Hancock Creek students get lesson in Medieval history
There were lots of kings, queens, princesses, knights and archers at Hancock Creek Elementary School on Tuesday as one of the classes at the school held a Medieval celebration as a way to teach students what it was like for children in the days of King Arthur.
Students dressed up as their favorite medieval character and did some of the things kids did in their time, such as make ink, primitive air fresheners and bob for apples.
Carol Evenson, a gifted resource teacher at the school, which helps enrich gifted students above and beyond the normal curriculum, said her third- and fourth-grade students had been learning about Medieval times.
“They have been learning about what it took to become a knight. They are learning about what it was like to live in a castle, and this was a culmination of what it was like to be a child back then,” Evenson said.
After a morning feast of scones, poached pears and cheese bread, the students were broken into four groups, which took turns making air fresheners out of oranges and cloves, went apple bobbing, made ink out of the juice from berries, and miniature catapults that heaved marshmallows in the air.
At the end of the celebration, the students played “Capture the Flag.”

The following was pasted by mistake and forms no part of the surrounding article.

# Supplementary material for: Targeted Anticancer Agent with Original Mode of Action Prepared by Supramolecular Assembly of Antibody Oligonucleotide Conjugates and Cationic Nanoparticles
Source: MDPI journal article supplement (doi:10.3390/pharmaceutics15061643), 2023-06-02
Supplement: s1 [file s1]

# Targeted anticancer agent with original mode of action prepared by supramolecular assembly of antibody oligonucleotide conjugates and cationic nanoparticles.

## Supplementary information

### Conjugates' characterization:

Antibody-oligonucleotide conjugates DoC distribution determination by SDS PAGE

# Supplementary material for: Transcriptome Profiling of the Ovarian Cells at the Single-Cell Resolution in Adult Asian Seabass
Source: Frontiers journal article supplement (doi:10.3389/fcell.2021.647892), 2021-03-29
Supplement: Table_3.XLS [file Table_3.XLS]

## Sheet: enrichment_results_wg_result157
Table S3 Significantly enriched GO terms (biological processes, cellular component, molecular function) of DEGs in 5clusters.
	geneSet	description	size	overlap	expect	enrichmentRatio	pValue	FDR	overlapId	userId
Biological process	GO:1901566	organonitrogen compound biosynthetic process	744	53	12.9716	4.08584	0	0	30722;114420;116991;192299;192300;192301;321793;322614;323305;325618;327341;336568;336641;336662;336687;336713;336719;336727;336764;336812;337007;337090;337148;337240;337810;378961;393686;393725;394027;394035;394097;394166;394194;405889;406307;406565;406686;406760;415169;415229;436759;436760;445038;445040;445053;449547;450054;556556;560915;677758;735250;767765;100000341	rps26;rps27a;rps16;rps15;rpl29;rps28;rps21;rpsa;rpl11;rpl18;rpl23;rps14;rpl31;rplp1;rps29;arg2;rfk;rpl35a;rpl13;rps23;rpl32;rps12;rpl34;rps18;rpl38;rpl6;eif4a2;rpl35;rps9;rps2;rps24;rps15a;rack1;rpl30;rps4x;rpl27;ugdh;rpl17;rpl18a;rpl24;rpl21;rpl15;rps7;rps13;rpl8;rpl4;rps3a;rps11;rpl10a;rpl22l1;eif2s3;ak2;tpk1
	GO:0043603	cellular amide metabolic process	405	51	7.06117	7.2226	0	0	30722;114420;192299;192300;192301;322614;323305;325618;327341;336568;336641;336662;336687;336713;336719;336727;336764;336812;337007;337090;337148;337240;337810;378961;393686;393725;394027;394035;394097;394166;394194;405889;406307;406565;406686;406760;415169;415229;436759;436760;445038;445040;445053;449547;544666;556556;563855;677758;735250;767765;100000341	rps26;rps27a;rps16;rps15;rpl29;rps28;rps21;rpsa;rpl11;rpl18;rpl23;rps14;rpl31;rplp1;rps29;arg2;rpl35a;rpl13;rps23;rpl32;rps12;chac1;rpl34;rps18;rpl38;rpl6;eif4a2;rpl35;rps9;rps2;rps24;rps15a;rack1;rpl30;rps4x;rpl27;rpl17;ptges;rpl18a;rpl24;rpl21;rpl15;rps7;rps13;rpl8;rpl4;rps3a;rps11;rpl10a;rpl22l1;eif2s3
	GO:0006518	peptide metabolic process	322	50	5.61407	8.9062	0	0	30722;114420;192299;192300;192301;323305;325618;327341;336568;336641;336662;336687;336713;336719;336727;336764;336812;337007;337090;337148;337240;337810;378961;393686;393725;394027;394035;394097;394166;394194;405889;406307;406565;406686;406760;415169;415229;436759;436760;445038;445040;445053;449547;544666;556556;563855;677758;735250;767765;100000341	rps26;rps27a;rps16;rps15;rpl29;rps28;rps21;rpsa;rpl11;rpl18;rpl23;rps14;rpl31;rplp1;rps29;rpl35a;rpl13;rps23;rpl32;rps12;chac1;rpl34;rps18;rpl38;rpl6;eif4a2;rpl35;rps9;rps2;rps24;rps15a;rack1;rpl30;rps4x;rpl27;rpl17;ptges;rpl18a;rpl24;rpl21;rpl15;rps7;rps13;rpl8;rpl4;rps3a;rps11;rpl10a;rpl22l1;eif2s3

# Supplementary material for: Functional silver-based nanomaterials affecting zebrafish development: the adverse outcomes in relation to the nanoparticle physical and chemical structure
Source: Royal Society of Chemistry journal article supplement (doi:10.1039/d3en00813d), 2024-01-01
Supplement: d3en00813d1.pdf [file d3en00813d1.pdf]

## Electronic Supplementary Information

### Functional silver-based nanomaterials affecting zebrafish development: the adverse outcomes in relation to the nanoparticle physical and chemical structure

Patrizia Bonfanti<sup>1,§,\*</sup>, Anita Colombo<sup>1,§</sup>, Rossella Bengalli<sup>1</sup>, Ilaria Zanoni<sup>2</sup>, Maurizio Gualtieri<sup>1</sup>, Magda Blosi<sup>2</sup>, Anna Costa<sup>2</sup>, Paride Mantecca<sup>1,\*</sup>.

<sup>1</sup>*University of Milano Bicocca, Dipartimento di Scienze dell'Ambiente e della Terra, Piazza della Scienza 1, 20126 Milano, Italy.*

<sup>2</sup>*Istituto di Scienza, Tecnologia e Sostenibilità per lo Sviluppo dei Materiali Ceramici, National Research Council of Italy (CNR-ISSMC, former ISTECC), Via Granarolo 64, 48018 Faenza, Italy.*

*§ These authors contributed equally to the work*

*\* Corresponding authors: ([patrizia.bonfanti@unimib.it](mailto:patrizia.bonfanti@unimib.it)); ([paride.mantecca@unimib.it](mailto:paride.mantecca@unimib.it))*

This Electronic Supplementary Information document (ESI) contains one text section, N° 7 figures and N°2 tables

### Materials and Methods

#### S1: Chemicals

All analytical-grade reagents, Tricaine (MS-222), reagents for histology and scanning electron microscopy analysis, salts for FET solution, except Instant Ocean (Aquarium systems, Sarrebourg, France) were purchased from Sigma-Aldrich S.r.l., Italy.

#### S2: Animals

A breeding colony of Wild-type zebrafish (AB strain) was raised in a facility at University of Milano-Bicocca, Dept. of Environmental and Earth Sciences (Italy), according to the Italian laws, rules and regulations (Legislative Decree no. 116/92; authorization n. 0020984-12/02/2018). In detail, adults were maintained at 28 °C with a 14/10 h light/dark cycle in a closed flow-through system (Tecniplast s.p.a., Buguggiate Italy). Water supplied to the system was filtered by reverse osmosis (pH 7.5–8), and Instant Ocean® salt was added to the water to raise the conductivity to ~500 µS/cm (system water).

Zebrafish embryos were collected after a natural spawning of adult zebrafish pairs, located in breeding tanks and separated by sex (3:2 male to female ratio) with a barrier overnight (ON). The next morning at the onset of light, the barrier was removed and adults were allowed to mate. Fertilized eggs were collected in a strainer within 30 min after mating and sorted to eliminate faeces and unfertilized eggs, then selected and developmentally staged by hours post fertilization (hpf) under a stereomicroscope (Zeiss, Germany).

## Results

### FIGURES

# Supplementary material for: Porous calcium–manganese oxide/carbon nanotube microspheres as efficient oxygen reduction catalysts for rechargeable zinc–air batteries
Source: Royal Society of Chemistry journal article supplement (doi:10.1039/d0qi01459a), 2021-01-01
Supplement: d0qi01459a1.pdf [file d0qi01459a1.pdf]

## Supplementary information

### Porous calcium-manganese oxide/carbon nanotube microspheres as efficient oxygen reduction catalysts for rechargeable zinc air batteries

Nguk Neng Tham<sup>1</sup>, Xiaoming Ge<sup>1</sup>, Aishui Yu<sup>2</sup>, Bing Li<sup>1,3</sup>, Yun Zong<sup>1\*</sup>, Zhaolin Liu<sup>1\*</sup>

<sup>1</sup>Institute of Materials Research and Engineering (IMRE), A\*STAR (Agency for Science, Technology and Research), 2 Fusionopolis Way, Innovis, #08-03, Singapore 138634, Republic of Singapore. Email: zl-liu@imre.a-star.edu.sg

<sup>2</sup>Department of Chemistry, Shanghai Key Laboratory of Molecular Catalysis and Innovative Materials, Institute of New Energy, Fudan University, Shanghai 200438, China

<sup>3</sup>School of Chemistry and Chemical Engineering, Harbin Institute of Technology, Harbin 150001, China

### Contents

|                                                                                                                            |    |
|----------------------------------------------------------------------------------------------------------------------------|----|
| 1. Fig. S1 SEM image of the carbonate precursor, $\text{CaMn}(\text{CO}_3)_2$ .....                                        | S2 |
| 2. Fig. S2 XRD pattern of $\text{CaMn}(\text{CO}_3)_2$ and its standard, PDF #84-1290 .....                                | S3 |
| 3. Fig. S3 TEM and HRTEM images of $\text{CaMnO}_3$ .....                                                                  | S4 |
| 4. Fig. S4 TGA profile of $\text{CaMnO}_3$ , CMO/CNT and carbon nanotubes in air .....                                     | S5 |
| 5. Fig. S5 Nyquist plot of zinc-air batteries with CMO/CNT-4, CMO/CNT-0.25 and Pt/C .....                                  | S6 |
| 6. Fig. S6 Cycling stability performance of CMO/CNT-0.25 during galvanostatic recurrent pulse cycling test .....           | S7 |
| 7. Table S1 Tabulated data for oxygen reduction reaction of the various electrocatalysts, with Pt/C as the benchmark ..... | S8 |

Evenson said unlike Tuesday’s activities, life in those days was hard for children, especially the poor.
“They had to work hard. Those who were privileged had some schooling, but they got to play some games,” Evenson said. “Peasant life was very hard, with all work and no play. But those of privilege got to learn archery and be with the knights.”
The students were learning a whole lot, with nearly all dressed up as anything but a peasant. Kynslie Purvis, 9, dressed as Robin Hood because she likes archery.
“I learned about the Keep, a really tall tower in a castle where they could hit someone with a bow and arrow if they intruded and not see them,” Purvis said. “I liked bobbing for apples. My nose is still wet.”
Cooper Stone, 9, liked the castles and the positions they had there. But said he wanted to hold a unique position.
“I would want to be a wizard because of their magic. I would try to help the world with it,” Stone said. “I liked the marshmallow catapult and learned about the making of a knight and how they grew up to become one. It’s all interesting.”
The learning didn’t stop with the students. Kayce Staruk, assistant principal, also learned a lot and was impressed with how the children enjoyed the experience.
“It’s hand-on learning about those times from the way they dressed to how the spoke to what they ate and how they occupied their time,” Staruk said. “I love the smell of cloves and haven’t smelled them in years. It’s just neat stuff going on and the kids have a great leader in Carol.”